Politics & Government

On eve of filing, GOP official warns 9th District hopefuls against divisive primary

Mark Harris calls for new election in 9th district

Mark Harris called for a new election in the disputed 9th District on Thursday afternoon, Feb. 21, 2019. He said he suffered two strokes in January and is “struggling” to get through the hearing, now in its fourth day.
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Mark Harris called for a new election in the disputed 9th District on Thursday afternoon, Feb. 21, 2019. He said he suffered two strokes in January and is “struggling” to get through the hearing, now in its fourth day.

Faced with a potentially large field of candidates for North Carolina’s new 9th Congressional District election, one party official Saturday urged Republicans to avoid a “family feud” with a divisive primary.

Outgoing Union County GOP Chairman Dan Barry made the plea at a county convention that drew a handful of candidates for the special congressional election. The filing period to run for the seat starts Monday and ends Friday.

The convention drew four announced candidates, including Union County Commissioner Stony Rushing and former Mecklenburg Commissioner Matthew Ridenhour and newcomers Stevie Rivenbark of Fayetteville and Nadia Cora Robinson of Charlotte. Two lawmakers who have said they’re considering the race, state Sen. Dan Bishop of Charlotte and state Rep. Dean Arp of Monroe, also attended.

The field could grow. Barry said national party officials have said 15 Republicans have expressed interest in the race. In North Carolina’s 3rd District, 17 Republicans have filed for the seat vacated by the February death of GOP U.S. Rep. Walter Jones Jr.

In the 9th District, primaries are scheduled for May 14, with a general election — or runoff — on Sept. 10. If there is a runoff — that is, if no candidate gets at least 30 percent of the vote — the general election would be Nov. 5.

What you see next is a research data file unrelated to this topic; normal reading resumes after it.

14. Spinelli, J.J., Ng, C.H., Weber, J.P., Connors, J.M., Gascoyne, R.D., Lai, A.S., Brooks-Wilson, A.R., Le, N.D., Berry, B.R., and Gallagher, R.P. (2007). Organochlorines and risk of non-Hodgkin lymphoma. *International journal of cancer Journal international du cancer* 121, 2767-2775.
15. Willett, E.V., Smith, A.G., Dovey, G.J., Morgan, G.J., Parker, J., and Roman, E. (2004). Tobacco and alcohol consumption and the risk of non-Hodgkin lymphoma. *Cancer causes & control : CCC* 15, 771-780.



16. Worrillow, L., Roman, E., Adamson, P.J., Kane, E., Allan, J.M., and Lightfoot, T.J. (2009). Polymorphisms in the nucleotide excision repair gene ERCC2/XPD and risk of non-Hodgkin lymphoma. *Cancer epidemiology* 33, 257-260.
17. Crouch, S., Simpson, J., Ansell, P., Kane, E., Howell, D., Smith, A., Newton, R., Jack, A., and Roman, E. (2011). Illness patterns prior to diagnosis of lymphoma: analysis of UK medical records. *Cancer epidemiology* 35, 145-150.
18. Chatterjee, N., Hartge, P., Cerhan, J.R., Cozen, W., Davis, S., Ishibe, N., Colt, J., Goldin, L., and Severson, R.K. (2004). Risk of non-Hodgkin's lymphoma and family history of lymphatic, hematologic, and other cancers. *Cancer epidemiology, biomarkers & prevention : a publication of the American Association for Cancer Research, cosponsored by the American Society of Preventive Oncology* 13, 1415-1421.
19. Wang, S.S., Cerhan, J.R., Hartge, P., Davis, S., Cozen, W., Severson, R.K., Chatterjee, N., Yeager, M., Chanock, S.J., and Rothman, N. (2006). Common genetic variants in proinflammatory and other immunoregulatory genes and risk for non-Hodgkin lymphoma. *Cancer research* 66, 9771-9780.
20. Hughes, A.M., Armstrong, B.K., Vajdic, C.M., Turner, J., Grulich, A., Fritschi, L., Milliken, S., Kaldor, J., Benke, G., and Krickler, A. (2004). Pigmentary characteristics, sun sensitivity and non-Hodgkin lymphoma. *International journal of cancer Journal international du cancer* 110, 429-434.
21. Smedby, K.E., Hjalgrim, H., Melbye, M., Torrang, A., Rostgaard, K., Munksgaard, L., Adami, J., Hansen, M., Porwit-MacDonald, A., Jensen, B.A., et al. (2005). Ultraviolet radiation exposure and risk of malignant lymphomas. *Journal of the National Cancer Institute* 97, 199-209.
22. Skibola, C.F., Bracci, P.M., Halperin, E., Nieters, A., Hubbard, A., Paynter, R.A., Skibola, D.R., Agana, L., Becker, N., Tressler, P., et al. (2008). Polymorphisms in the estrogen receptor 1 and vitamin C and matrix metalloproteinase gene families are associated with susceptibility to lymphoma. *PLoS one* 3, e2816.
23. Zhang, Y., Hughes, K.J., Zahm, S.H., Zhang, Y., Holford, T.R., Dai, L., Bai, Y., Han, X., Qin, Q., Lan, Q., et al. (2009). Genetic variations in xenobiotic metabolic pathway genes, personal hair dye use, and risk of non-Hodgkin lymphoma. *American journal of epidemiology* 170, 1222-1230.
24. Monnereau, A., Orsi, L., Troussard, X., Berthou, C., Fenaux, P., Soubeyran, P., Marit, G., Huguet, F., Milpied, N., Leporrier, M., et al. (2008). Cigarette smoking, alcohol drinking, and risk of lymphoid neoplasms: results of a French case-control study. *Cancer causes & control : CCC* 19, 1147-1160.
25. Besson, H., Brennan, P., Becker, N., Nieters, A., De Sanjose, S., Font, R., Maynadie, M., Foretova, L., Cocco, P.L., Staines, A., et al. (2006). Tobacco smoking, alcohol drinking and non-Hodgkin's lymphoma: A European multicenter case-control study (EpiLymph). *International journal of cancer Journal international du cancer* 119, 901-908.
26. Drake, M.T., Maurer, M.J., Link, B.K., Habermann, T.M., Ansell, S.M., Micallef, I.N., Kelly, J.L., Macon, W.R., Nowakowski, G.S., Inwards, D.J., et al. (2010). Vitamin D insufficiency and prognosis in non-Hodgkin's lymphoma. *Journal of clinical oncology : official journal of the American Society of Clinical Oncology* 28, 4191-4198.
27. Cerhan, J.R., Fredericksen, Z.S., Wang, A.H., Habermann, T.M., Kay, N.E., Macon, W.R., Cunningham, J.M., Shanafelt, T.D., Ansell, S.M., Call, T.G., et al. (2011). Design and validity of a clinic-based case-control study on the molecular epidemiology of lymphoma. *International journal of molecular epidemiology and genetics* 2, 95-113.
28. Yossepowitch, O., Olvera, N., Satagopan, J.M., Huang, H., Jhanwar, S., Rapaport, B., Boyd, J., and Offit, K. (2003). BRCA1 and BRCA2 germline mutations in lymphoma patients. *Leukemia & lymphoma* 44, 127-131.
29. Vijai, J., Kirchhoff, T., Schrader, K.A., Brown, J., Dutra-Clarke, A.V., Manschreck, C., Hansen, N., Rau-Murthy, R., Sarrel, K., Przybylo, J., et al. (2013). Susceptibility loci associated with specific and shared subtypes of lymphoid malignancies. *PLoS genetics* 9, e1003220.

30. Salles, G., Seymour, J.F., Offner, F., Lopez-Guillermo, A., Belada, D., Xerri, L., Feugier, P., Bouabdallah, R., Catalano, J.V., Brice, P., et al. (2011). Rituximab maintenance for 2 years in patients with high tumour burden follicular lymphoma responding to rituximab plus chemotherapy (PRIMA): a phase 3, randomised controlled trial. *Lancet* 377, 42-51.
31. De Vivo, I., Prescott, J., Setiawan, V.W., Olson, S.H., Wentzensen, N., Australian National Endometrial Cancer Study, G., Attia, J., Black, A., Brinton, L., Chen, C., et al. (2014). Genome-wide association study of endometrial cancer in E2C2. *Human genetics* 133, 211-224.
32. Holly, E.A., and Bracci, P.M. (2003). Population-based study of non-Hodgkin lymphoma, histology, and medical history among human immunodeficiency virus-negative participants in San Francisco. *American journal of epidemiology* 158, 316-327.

Barry said that’s a big reason to avoid a runoff.

“We must coalesce around a single candidate and avoid a runoff at all costs,” he told convention delegates.

If the general election doesn’t take place until November, it would coincide with Charlotte’s city elections, which are expected to bring out more Democratic voters. That could help the presumed Democratic congressional nominee, Dan McCready.

McCready trailed Republican Mark Harris on Election Day by 905 votes but, with evidence suggesting widespread election fraud in the eastern part of the district, state elections officials voted to hold a new election.

After Harris announced he would not run, other candidates have jumped in. Among them:

Robinson, a piano teacher who lives in Ballantyne, said as the daughter of Mexican immigrants, she could broaden the party’s appeal, “breaking the stereotypes of who we are as Republicans.”

Rivenbark, a single mother, said it’s time to elect more Republican women to Congress. “It’s time to diversify our party,” she told delegates.

Rushing said he has worked or lived in virtually every county in the congressional district. He maintained that the 2018 election was “rigged” and that Harris got a raw deal.

Ridenhour cast himself as somebody who can work with Democrats to get things done. A former Marine, he said he’d be the strongest to take on McCready, himself a former Marine. “It takes a Marine to beat a Marine,” he said.

Barry urged those candidates and others to come together after the primary, regardless of the outcome.

“I challenge you primary contestants, don’t spend a lot of time fighting each other,” he said. “We won’t have a lot of time after May 14 to heal the wounds.”

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Jim Morrill, who grew up near Chicago, covers state and local politics. He’s worked at the Observer since 1981 and taught courses on North Carolina politics at UNC Charlotte and Davidson College.
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